In March 2020, over 1,300 pantries and distribution sites across the state rushed to make changes to keep our communities safe from COVID-19. Overnight, pantries overhauled distribution models to accommodate social distancing and the increased need for food assistance. For many, this meant making the tough decision to shut down shopping-style pantries and provide pre-packaged food boxes instead. 

Faced with these difficult decisions, Portland Open Bible Community Pantry in SE Portland changed its distribution to a drive-thru model to accommodate social distancing. They knew they had to find a way to keep clients, volunteers, and staff safe. But they also didn’t want the community to have to sacrifice one of the most important parts of receiving food assistance — autonomy. 

Portland Open Bible Community Pantry has always believed clients seeking resources have a right to decide what they need. “We really believe in people having choice,” says Executive Director Betty Brown. 

As COVID-19 case counts rose and it became clear that pantries would be operating in these new models for longer than anyone expected, Betty and her team reflected on ways to improve their drive-thru distribution system. How could they continue to provide a safe distribution experience year-round? 

“I’m a nurse by trade,” says Betty. “And I’m thinking COVID, I’m thinking pneumonia, I’m thinking influenza. I’m thinking all the different respiratory diseases that affect 66 years and older, because 66% of our people who come are the elderly.” Betty did not want to increase the risk of any disease to her community by making people wait in the cold. Someone on her team suggested pre-packaged food boxes. But they agreed they couldn’t put together one food box that would meet the cultural and dietary needs of the whole community. That conversation sparked an idea for Betty’s son, Aaron Brown, who coordinates the drive-thru pantry

Together, they envisioned an online ordering program that would allow people to customize the contents of their food box and eliminate wait times during pickup. Luckily, Aaron knew just the person to help them make this idea a reality. An online ordering system was built with the help of a longtime friend who just so happened to be an online subscription service developer.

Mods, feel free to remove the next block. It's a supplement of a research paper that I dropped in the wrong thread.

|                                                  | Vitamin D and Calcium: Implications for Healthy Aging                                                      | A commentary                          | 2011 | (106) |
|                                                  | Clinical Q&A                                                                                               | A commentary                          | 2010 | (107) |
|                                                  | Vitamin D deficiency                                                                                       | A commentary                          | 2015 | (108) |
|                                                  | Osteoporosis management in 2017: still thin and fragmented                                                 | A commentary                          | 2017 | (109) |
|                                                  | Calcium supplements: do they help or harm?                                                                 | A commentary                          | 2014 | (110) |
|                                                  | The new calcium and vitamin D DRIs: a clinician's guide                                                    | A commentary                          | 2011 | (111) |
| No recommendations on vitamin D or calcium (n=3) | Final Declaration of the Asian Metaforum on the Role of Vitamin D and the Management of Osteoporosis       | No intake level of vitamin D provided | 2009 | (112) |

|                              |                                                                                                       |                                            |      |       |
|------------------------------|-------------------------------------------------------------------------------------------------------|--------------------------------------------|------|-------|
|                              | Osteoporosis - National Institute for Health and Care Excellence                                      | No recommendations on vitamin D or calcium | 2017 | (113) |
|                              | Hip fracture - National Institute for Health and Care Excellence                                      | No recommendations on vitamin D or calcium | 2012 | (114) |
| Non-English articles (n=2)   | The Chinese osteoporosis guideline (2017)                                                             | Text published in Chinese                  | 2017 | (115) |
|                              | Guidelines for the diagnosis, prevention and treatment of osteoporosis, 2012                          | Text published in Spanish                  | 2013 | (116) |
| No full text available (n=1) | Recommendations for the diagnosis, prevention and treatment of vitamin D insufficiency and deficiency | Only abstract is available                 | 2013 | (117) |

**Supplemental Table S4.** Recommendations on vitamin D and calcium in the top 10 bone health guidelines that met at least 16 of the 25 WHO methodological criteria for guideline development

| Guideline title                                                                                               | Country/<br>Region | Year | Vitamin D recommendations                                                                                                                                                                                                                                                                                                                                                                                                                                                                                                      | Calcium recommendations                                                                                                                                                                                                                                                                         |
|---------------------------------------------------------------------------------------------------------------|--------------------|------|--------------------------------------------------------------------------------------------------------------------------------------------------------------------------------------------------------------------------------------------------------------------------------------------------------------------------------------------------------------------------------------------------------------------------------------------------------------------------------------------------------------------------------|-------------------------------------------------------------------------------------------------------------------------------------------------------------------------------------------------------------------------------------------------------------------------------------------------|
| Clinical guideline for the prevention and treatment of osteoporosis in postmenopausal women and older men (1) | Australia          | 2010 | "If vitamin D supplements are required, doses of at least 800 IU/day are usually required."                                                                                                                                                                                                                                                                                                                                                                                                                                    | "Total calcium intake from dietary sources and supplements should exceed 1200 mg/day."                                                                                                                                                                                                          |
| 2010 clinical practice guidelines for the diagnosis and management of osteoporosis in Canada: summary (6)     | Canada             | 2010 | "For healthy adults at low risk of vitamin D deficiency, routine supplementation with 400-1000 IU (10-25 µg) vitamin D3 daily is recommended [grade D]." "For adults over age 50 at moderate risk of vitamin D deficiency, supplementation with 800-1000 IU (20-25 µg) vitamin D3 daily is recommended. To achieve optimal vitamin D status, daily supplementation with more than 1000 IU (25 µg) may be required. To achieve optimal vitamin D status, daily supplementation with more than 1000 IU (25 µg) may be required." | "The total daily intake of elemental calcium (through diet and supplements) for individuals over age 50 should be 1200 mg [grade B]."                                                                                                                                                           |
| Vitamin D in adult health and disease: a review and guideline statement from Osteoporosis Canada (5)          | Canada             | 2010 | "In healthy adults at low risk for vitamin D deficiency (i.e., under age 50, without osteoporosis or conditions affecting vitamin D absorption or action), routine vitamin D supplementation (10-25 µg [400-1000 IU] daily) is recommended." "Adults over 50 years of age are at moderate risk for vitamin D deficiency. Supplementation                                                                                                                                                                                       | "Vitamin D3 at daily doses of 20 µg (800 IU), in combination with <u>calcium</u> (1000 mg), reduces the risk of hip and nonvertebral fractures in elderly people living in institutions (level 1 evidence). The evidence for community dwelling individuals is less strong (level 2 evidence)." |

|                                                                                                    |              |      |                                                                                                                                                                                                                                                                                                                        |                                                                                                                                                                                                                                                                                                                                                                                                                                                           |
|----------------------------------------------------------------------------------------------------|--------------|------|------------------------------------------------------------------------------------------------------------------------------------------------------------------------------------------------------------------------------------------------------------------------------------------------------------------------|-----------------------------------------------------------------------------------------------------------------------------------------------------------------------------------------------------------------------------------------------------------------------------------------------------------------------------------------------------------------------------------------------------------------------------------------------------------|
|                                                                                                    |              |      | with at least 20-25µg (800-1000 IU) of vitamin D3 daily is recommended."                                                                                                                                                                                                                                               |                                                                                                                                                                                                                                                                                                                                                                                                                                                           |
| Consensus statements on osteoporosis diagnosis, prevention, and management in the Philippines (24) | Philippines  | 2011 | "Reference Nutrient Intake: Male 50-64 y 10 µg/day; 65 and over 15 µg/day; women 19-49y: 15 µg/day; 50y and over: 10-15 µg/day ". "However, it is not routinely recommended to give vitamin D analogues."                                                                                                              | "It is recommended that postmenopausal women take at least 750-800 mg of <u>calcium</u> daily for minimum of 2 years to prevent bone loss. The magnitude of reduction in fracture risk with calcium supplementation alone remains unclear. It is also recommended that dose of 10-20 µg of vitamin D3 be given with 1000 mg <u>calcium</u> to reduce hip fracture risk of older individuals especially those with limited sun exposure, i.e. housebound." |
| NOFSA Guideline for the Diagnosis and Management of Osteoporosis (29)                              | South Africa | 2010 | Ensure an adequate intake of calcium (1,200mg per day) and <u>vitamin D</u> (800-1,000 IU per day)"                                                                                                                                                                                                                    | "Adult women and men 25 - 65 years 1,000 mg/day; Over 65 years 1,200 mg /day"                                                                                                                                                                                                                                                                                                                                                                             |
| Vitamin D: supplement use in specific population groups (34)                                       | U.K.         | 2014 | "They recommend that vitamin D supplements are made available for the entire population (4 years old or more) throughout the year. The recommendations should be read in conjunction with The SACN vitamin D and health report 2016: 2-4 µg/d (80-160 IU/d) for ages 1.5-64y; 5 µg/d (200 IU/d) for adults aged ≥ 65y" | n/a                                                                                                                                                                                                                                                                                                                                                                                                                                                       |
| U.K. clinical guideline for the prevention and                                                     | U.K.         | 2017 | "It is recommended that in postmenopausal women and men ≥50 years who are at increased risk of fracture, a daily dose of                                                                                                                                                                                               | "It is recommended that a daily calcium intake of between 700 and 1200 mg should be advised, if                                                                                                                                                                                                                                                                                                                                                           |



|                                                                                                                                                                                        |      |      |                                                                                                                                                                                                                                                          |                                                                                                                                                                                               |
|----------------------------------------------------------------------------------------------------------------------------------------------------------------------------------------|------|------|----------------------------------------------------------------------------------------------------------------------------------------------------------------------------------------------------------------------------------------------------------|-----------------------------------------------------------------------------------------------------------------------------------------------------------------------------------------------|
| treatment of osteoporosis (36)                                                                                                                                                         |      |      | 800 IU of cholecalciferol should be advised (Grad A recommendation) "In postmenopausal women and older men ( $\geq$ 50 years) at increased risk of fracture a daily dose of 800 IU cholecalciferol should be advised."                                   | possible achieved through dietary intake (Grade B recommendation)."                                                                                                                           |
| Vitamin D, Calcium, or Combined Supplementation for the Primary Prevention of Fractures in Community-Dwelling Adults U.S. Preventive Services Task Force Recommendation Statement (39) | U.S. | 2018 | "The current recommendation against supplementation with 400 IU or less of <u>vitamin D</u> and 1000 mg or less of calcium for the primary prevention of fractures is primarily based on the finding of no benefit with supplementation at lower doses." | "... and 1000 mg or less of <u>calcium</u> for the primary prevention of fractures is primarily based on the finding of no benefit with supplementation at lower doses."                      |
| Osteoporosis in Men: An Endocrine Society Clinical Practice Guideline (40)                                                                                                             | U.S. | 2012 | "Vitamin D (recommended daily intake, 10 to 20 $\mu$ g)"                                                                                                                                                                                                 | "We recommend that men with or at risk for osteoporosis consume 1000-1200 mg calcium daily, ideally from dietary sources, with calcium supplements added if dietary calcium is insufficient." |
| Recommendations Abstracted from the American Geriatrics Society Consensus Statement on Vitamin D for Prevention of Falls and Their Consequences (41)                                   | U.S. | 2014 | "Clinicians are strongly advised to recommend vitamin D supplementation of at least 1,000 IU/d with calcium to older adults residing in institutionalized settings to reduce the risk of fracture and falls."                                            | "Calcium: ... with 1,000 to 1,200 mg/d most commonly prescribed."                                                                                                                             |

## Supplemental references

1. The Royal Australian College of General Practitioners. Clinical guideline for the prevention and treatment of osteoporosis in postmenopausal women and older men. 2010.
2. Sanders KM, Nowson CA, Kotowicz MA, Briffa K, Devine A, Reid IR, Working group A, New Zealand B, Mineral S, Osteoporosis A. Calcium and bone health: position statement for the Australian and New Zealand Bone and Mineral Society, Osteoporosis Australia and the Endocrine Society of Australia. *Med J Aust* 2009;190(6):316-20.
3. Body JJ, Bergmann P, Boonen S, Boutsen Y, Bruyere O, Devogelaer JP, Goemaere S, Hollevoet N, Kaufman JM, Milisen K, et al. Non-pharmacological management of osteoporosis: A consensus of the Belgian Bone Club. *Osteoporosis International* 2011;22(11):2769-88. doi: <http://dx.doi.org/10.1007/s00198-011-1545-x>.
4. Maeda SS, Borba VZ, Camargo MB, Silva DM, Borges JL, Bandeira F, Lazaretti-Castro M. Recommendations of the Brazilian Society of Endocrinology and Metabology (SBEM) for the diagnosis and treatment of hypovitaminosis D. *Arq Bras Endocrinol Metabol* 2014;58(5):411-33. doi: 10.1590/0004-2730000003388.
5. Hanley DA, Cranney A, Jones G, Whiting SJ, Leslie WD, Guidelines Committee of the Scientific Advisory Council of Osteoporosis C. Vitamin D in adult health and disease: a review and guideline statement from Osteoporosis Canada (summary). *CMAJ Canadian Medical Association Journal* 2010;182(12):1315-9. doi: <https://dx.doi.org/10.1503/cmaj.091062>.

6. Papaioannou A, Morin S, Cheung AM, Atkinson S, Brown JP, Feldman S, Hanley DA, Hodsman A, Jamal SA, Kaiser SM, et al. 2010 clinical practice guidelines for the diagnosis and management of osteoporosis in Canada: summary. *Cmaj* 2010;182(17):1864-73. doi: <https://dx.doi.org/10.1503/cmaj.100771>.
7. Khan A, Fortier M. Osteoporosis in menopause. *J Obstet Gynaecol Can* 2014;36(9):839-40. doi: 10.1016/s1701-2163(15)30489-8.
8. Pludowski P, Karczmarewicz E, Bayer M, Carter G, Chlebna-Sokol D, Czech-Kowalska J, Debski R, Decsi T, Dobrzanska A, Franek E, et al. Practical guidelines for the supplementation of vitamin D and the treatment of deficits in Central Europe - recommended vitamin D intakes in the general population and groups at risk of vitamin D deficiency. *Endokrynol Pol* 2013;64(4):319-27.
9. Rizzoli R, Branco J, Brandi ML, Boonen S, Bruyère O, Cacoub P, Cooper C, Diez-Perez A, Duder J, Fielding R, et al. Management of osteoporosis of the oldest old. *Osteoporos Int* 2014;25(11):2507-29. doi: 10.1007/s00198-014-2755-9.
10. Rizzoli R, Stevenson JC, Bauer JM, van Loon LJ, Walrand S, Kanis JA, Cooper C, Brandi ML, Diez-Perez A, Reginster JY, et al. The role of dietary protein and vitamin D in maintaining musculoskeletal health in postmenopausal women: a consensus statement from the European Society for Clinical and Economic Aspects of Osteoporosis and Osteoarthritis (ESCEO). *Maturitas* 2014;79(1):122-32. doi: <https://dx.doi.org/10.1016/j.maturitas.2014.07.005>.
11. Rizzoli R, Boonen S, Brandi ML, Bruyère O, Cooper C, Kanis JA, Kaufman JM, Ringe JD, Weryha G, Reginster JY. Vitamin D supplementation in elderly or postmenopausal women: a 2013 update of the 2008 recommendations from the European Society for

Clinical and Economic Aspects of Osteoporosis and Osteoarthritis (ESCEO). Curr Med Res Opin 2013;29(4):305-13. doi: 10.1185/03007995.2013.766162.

“If you go to the page, you see English, you see Vietnamese, Russian, Cantonese. You click on your language and we’ll ask you all your core information, stuff they would actually ask you at the pantry,” says Aaron. “After they do that it’ll just give a list. Produce – what produce do you want? And then they could check it. What kind of dairy products do you want? They just check it. It’s really simple.”

Image courtesy of Portland Open Bible

Courtney Wright, Senior Network Food Strategist at Oregon Food Bank, has worked closely with Portland Open Bible throughout the process. We’re thrilled with this new online ordering platform for several reasons. First, it’s translated into several languages, giving more people access to this resource. The ability to make choices for your diet and culturally specific food needs is also so important. I’m also excited to see how we can scale this platform to other pantries as we learn from the successes at Portland Open Bible Community Pantry,” says Courtney.

Once an order is placed Aaron receives an email with the order and he passes on the information to volunteers to prepare it. “We’ve grown every single week to more and more clients, and I think it’s because we were able to cater to so many communities with so many different languages,” says Aaron. 

The recruitment process for the online ordering system was just like the information process for their distribution – word of mouth. Aaron himself made sure community members were aware of the program and if they were ever hesitant, he’d walk them through the online order process on his phone. 

“I think that the way we’re doing online ordering, instead of just giving people boxes – it makes people happy. You’re really thinking about them as an individual,” says Betty. “We want to show the respect that we believe everybody deserves and part of showing that respect is to give them what their family’s going to use.”